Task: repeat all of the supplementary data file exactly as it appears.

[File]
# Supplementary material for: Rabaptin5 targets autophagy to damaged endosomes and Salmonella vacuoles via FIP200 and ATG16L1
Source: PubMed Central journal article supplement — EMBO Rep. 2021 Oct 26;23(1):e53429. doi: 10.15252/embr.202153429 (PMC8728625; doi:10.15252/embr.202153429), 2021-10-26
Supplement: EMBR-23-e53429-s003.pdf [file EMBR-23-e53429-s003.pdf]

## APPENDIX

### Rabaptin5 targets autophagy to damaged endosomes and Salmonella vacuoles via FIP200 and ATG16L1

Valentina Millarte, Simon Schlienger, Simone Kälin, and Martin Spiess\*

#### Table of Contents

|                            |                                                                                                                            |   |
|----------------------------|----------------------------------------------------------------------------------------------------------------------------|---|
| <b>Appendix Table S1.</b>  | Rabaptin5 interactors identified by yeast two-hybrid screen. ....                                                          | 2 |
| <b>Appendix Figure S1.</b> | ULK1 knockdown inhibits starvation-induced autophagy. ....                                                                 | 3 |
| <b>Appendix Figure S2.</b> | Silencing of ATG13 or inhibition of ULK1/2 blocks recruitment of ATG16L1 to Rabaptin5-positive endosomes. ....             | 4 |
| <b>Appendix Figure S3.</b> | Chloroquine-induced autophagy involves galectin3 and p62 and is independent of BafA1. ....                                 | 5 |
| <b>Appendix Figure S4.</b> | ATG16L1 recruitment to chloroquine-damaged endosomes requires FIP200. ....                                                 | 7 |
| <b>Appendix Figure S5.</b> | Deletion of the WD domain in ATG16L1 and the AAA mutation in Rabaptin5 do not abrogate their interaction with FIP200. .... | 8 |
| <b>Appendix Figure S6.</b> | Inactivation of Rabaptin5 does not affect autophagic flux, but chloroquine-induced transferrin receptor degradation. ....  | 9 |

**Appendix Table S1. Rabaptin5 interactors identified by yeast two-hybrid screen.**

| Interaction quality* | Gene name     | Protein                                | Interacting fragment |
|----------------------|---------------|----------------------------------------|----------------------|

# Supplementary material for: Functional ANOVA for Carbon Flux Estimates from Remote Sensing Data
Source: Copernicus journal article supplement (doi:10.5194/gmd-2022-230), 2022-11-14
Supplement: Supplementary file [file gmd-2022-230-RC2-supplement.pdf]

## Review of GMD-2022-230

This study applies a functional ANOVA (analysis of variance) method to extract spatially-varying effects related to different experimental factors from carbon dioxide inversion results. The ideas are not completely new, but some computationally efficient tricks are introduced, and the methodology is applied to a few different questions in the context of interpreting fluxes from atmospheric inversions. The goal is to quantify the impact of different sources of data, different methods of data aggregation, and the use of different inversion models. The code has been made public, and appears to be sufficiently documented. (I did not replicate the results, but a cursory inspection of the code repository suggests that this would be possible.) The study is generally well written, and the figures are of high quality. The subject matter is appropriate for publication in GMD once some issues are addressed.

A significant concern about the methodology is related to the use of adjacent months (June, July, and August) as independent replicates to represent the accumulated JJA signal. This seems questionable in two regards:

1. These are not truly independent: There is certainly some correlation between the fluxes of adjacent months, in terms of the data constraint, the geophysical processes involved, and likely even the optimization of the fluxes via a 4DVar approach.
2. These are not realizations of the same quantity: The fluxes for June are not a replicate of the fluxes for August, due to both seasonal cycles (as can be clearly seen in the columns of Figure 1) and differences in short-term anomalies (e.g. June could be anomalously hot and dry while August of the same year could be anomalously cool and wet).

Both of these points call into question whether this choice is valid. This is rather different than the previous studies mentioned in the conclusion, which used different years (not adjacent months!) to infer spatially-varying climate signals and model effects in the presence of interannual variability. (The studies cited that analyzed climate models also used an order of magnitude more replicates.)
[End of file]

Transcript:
# Supplementary material for: Rabaptin5 targets autophagy to damaged endosomes and Salmonella vacuoles via FIP200 and ATG16L1
Source: PubMed Central journal article supplement — EMBO Rep. 2021 Oct 26;23(1):e53429. doi: 10.15252/embr.202153429 (PMC8728625; doi:10.15252/embr.202153429), 2021-10-26
Supplement: EMBR-23-e53429-s003.pdf [file EMBR-23-e53429-s003.pdf]

## APPENDIX

### Rabaptin5 targets autophagy to damaged endosomes and Salmonella vacuoles via FIP200 and ATG16L1

Valentina Millarte, Simon Schlienger, Simone Kälin, and Martin Spiess\*

#### Table of Contents

|                            |                                                                                                                            |   |
|----------------------------|----------------------------------------------------------------------------------------------------------------------------|---|
| <b>Appendix Table S1.</b>  | Rabaptin5 interactors identified by yeast two-hybrid screen. ....                                                          | 2 |
| <b>Appendix Figure S1.</b> | ULK1 knockdown inhibits starvation-induced autophagy. ....                                                                 | 3 |
| <b>Appendix Figure S2.</b> | Silencing of ATG13 or inhibition of ULK1/2 blocks recruitment of ATG16L1 to Rabaptin5-positive endosomes. ....             | 4 |
| <b>Appendix Figure S3.</b> | Chloroquine-induced autophagy involves galectin3 and p62 and is independent of BafA1. ....                                 | 5 |
| <b>Appendix Figure S4.</b> | ATG16L1 recruitment to chloroquine-damaged endosomes requires FIP200. ....                                                 | 7 |
| <b>Appendix Figure S5.</b> | Deletion of the WD domain in ATG16L1 and the AAA mutation in Rabaptin5 do not abrogate their interaction with FIP200. .... | 8 |
| <b>Appendix Figure S6.</b> | Inactivation of Rabaptin5 does not affect autophagic flux, but chloroquine-induced transferrin receptor degradation. ....  | 9 |

**Appendix Table S1. Rabaptin5 interactors identified by yeast two-hybrid screen.**

| Interaction quality* | Gene name     | Protein                                | Interacting fragment |
|----------------------|---------------|----------------------------------------|----------------------|

# Supplementary material for: Functional ANOVA for Carbon Flux Estimates from Remote Sensing Data
Source: Copernicus journal article supplement (doi:10.5194/gmd-2022-230), 2022-11-14
Supplement: Supplementary file [file gmd-2022-230-RC2-supplement.pdf]

## Review of GMD-2022-230

This study applies a functional ANOVA (analysis of variance) method to extract spatially-varying effects related to different experimental factors from carbon dioxide inversion results. The ideas are not completely new, but some computationally efficient tricks are introduced, and the methodology is applied to a few different questions in the context of interpreting fluxes from atmospheric inversions. The goal is to quantify the impact of different sources of data, different methods of data aggregation, and the use of different inversion models. The code has been made public, and appears to be sufficiently documented. (I did not replicate the results, but a cursory inspection of the code repository suggests that this would be possible.) The study is generally well written, and the figures are of high quality. The subject matter is appropriate for publication in GMD once some issues are addressed.

A significant concern about the methodology is related to the use of adjacent months (June, July, and August) as independent replicates to represent the accumulated JJA signal. This seems questionable in two regards:

1. These are not truly independent: There is certainly some correlation between the fluxes of adjacent months, in terms of the data constraint, the geophysical processes involved, and likely even the optimization of the fluxes via a 4DVar approach.
2. These are not realizations of the same quantity: The fluxes for June are not a replicate of the fluxes for August, due to both seasonal cycles (as can be clearly seen in the columns of Figure 1) and differences in short-term anomalies (e.g. June could be anomalously hot and dry while August of the same year could be anomalously cool and wet).

Both of these points call into question whether this choice is valid. This is rather different than the previous studies mentioned in the conclusion, which used different years (not adjacent months!) to infer spatially-varying climate signals and model effects in the presence of interannual variability. (The studies cited that analyzed climate models also used an order of magnitude more replicates.)